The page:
via The Portland Oregonian, editorials page
Sunday May 9, 1999
Appearing ready to end 24 years of occupation and brutal repression, Indonesia signed an accord at the United Nations on Wednesday, setting out the framework to grant the people of East Timor an August vote on independence. Sadly, elements of the military and its ruthless civilian militia are working to undermine a peaceful outcome.
With the majority of Americans focused on the conflict in Yugoslavia, the development of another foreign crisis is bound to encounter blank stares.
But globalization of strategic and economic interests has made us all interdependent in ways that would have been unthinkable 20 years ago. U.S. corporations that have operations in Indonesia include Nike, Freeport McMoRan and Phillips Petroleum. What happens in Asia affects these shores more than at any time since World War II.
Which brings us back to Indonesia, the archipelago island nation stretching between Australia and Southeast Asia, the largest Muslim nation in the world. With 213 million people, it's the fourth most populated after China, India and the United States.
In the aftermath of Suharto's fall last year, the East Timorese, whose takeover by Indonesia was never recognized by the United Nations, have continued to seek an end to the violent repression by the Indonesian military. And after years of saying it would never release East Timor, Indonesia, under President B.J. Habibie, announced in January that the territory would be allowed to vote on independence in August.
Unfortunately, the militias, which spent the past 24 years collaborating with the military to keep the civilian population under strict control through violence and intimidation, weren't ready for the about-face in policy. Over the past 24 years, 200,000 East Timorese have been killed or have disappeared. Accustomed to running the show, the militias stepped up their campaign of terror after Habibie's announcement. Clearly, if elections are to mean anything in East Timor, the militias will have to be disarmed and the military reined in.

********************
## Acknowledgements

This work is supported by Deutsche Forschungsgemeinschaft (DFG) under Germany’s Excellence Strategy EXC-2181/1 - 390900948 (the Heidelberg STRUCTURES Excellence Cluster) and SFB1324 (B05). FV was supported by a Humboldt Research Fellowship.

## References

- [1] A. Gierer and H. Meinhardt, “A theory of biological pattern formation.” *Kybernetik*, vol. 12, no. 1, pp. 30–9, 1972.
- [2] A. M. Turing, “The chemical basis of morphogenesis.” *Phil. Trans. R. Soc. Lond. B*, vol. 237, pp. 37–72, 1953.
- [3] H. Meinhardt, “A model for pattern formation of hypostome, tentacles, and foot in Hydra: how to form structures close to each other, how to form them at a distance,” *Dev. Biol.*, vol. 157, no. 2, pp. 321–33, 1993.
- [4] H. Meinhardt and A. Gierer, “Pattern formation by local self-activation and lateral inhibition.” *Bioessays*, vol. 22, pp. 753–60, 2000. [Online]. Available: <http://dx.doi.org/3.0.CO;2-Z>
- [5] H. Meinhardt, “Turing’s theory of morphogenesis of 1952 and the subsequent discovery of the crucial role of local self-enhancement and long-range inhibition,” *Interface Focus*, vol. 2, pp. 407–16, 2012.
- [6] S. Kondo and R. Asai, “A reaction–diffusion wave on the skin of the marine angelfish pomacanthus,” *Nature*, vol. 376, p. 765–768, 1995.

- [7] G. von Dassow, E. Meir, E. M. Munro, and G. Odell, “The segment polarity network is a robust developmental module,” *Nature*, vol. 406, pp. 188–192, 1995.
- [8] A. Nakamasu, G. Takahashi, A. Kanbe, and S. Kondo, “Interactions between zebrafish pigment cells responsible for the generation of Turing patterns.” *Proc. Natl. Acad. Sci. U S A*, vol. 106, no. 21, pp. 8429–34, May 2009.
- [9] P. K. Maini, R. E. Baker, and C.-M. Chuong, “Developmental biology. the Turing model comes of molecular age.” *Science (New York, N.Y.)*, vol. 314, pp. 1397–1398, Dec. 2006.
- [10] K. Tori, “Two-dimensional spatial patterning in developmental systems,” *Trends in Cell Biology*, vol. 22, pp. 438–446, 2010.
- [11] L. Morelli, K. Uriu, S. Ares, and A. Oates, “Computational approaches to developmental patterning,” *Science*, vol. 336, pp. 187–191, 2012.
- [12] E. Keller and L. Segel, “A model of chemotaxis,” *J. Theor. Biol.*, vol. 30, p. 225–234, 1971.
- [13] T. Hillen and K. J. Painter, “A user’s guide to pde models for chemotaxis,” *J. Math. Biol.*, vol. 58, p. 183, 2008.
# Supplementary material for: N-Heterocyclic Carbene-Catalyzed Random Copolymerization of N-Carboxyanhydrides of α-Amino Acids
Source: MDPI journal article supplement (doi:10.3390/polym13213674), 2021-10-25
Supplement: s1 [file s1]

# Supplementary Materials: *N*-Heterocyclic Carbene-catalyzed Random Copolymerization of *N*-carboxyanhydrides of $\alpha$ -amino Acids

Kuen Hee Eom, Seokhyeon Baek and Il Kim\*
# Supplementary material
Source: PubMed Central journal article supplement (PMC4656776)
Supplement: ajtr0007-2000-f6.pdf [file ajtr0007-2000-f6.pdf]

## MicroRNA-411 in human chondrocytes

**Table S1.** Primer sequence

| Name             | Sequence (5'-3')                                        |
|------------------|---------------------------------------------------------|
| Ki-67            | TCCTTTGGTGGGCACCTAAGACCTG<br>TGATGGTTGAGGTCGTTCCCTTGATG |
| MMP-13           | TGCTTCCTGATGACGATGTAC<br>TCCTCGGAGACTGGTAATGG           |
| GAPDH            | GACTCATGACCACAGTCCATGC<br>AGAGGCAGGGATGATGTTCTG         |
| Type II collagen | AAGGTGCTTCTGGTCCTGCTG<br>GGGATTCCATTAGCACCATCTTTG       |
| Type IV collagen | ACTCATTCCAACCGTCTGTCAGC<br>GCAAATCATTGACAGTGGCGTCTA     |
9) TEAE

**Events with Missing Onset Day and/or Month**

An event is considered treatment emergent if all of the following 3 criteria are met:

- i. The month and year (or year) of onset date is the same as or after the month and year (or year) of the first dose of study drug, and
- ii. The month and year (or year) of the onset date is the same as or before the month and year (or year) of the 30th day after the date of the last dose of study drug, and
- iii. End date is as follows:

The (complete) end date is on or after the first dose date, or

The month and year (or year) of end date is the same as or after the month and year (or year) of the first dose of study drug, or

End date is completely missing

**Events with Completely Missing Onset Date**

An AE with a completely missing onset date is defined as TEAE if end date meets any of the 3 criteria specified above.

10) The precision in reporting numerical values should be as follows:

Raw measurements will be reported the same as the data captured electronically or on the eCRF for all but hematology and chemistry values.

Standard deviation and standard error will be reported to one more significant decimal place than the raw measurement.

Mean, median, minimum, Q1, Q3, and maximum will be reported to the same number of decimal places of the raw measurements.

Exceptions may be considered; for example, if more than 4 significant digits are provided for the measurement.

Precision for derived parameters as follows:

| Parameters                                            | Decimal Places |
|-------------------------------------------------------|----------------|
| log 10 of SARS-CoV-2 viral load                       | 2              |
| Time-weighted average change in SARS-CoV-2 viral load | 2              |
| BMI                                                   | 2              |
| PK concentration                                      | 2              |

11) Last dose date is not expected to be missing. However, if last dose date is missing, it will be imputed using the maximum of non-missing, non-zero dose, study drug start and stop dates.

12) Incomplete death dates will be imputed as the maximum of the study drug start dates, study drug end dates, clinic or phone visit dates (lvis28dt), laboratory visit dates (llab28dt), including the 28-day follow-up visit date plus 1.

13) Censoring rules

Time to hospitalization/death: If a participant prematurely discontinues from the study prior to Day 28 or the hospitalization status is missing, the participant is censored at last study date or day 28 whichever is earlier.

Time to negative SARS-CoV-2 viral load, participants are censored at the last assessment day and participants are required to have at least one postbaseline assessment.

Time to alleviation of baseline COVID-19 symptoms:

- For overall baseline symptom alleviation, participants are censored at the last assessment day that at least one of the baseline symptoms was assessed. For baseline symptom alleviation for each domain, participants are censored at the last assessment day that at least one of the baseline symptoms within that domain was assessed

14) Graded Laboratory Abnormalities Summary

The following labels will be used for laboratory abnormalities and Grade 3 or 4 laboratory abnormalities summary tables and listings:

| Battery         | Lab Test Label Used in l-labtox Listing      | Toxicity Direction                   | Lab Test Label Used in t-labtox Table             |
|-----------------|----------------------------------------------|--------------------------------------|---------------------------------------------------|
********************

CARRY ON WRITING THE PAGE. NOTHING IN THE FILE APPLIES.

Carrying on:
The U.N. agreement is an important step. At least 600 U.N. observers will be stationed in East Timor to oversee the elections, and Secretary General Kofi Annan said that Indonesia will be held responsible for the activity of the militias as well as the military.
But other persuasive agents should be brought to bear. Japan, Indonesia's largest trading partner, and the United States, its second trading partner, have a great deal of influence over Indonesia's economic recovery, as does the International Monetary Fund and the World Bank. Australia, long quiet on Indonesian affairs, has added its voice to calls for free elections for its northern neighbor. U.S. military leaders with ties to the Indonesian military should make it clear that the elections are expected to go forward without interference.
Indonesia has been governed by dictators since the colonial powers left. But their time is over, too. It's time for the people to choose.